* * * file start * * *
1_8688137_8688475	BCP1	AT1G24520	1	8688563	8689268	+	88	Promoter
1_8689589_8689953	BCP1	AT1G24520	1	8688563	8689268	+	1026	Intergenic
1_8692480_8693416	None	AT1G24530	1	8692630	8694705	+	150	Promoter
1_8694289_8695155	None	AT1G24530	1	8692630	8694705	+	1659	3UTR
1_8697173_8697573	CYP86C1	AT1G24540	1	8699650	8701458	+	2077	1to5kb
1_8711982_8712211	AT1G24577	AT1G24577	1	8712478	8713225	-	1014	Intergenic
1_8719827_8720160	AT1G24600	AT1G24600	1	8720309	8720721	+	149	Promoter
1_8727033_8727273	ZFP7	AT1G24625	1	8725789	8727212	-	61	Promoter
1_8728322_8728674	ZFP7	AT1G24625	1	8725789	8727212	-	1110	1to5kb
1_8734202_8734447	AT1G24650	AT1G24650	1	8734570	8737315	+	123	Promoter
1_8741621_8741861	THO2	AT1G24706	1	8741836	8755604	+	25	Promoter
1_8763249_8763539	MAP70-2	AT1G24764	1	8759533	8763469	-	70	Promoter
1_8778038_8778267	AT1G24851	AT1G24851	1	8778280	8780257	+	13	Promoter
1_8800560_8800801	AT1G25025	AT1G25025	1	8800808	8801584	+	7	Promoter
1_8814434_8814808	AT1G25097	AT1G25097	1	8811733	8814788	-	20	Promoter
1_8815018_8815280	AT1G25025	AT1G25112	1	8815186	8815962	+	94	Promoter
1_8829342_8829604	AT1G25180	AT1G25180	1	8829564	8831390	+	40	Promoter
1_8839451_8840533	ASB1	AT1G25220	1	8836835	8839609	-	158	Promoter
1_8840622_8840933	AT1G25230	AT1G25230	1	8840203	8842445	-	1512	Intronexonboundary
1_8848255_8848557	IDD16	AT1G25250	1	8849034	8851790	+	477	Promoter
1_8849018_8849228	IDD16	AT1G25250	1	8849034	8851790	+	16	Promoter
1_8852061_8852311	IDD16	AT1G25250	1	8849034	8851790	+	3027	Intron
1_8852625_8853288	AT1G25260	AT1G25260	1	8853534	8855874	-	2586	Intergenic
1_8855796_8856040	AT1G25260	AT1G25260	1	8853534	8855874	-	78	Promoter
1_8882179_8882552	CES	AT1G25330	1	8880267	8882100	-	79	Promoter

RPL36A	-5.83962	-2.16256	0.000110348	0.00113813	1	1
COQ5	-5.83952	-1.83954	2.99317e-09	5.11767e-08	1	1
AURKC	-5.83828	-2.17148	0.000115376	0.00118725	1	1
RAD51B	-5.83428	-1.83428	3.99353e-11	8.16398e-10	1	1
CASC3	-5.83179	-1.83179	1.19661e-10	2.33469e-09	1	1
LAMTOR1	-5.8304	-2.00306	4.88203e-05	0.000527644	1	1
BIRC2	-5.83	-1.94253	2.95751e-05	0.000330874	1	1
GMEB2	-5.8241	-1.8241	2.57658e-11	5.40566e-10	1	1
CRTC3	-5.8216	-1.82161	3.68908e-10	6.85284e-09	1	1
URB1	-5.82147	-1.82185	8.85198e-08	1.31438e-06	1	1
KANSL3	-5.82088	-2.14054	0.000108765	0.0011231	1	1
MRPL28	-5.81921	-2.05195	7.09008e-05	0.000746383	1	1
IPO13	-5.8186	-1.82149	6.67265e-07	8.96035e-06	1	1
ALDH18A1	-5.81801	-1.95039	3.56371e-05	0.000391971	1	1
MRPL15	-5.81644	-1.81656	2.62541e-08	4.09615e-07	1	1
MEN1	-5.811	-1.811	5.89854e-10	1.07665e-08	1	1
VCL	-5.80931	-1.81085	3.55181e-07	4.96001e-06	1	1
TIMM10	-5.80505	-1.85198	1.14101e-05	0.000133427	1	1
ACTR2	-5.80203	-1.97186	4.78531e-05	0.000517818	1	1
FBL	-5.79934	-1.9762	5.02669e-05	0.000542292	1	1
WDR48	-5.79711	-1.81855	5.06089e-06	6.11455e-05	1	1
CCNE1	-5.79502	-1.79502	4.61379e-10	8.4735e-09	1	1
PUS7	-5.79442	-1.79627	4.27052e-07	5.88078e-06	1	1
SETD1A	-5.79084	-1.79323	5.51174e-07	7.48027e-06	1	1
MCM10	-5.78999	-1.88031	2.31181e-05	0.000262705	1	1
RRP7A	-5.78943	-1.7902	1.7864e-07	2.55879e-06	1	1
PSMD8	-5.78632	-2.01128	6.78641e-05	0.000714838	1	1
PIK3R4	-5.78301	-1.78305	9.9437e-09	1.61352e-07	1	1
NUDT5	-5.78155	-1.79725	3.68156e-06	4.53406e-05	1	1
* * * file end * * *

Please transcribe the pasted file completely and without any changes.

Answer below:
1_8688137_8688475	BCP1	AT1G24520	1	8688563	8689268	+	88	Promoter
1_8689589_8689953	BCP1	AT1G24520	1	8688563	8689268	+	1026	Intergenic
1_8692480_8693416	None	AT1G24530	1	8692630	8694705	+	150	Promoter
1_8694289_8695155	None	AT1G24530	1	8692630	8694705	+	1659	3UTR
1_8697173_8697573	CYP86C1	AT1G24540	1	8699650	8701458	+	2077	1to5kb
1_8711982_8712211	AT1G24577	AT1G24577	1	8712478	8713225	-	1014	Intergenic
1_8719827_8720160	AT1G24600	AT1G24600	1	8720309	8720721	+	149	Promoter
1_8727033_8727273	ZFP7	AT1G24625	1	8725789	8727212	-	61	Promoter
1_8728322_8728674	ZFP7	AT1G24625	1	8725789	8727212	-	1110	1to5kb
1_8734202_8734447	AT1G24650	AT1G24650	1	8734570	8737315	+	123	Promoter
1_8741621_8741861	THO2	AT1G24706	1	8741836	8755604	+	25	Promoter
1_8763249_8763539	MAP70-2	AT1G24764	1	8759533	8763469	-	70	Promoter
1_8778038_8778267	AT1G24851	AT1G24851	1	8778280	8780257	+	13	Promoter
1_8800560_8800801	AT1G25025	AT1G25025	1	8800808	8801584	+	7	Promoter
1_8814434_8814808	AT1G25097	AT1G25097	1	8811733	8814788	-	20	Promoter
1_8815018_8815280	AT1G25025	AT1G25112	1	8815186	8815962	+	94	Promoter
1_8829342_8829604	AT1G25180	AT1G25180	1	8829564	8831390	+	40	Promoter
1_8839451_8840533	ASB1	AT1G25220	1	8836835	8839609	-	158	Promoter
1_8840622_8840933	AT1G25230	AT1G25230	1	8840203	8842445	-	1512	Intronexonboundary
1_8848255_8848557	IDD16	AT1G25250	1	8849034	8851790	+	477	Promoter
1_8849018_8849228	IDD16	AT1G25250	1	8849034	8851790	+	16	Promoter
1_8852061_8852311	IDD16	AT1G25250	1	8849034	8851790	+	3027	Intron
1_8852625_8853288	AT1G25260	AT1G25260	1	8853534	8855874	-	2586	Intergenic
1_8855796_8856040	AT1G25260	AT1G25260	1	8853534	8855874	-	78	Promoter
1_8882179_8882552	CES	AT1G25330	1	8880267	8882100	-	79	Promoter

RPL36A	-5.83962	-2.16256	0.000110348	0.00113813	1	1
COQ5	-5.83952	-1.83954	2.99317e-09	5.11767e-08	1	1
AURKC	-5.83828	-2.17148	0.000115376	0.00118725	1	1
RAD51B	-5.83428	-1.83428	3.99353e-11	8.16398e-10	1	1
CASC3	-5.83179	-1.83179	1.19661e-10	2.33469e-09	1	1
LAMTOR1	-5.8304	-2.00306	4.88203e-05	0.000527644	1	1
BIRC2	-5.83	-1.94253	2.95751e-05	0.000330874	1	1
GMEB2	-5.8241	-1.8241	2.57658e-11	5.40566e-10	1	1
CRTC3	-5.8216	-1.82161	3.68908e-10	6.85284e-09	1	1
URB1	-5.82147	-1.82185	8.85198e-08	1.31438e-06	1	1
KANSL3	-5.82088	-2.14054	0.000108765	0.0011231	1	1
MRPL28	-5.81921	-2.05195	7.09008e-05	0.000746383	1	1
IPO13	-5.8186	-1.82149	6.67265e-07	8.96035e-06	1	1
ALDH18A1	-5.81801	-1.95039	3.56371e-05	0.000391971	1	1
MRPL15	-5.81644	-1.81656	2.62541e-08	4.09615e-07	1	1
MEN1	-5.811	-1.811	5.89854e-10	1.07665e-08	1	1
VCL	-5.80931	-1.81085	3.55181e-07	4.96001e-06	1	1
TIMM10	-5.80505	-1.85198	1.14101e-05	0.000133427	1	1
ACTR2	-5.80203	-1.97186	4.78531e-05	0.000517818	1	1
FBL	-5.79934	-1.9762	5.02669e-05	0.000542292	1	1
WDR48	-5.79711	-1.81855	5.06089e-06	6.11455e-05	1	1
CCNE1	-5.79502	-1.79502	4.61379e-10	8.4735e-09	1	1
PUS7	-5.79442	-1.79627	4.27052e-07	5.88078e-06	1	1
SETD1A	-5.79084	-1.79323	5.51174e-07	7.48027e-06	1	1
MCM10	-5.78999	-1.88031	2.31181e-05	0.000262705	1	1
RRP7A	-5.78943	-1.7902	1.7864e-07	2.55879e-06	1	1
PSMD8	-5.78632	-2.01128	6.78641e-05	0.000714838	1	1
PIK3R4	-5.78301	-1.78305	9.9437e-09	1.61352e-07	1	1
NUDT5	-5.78155	-1.79725	3.68156e-06	4.53406e-05	1	1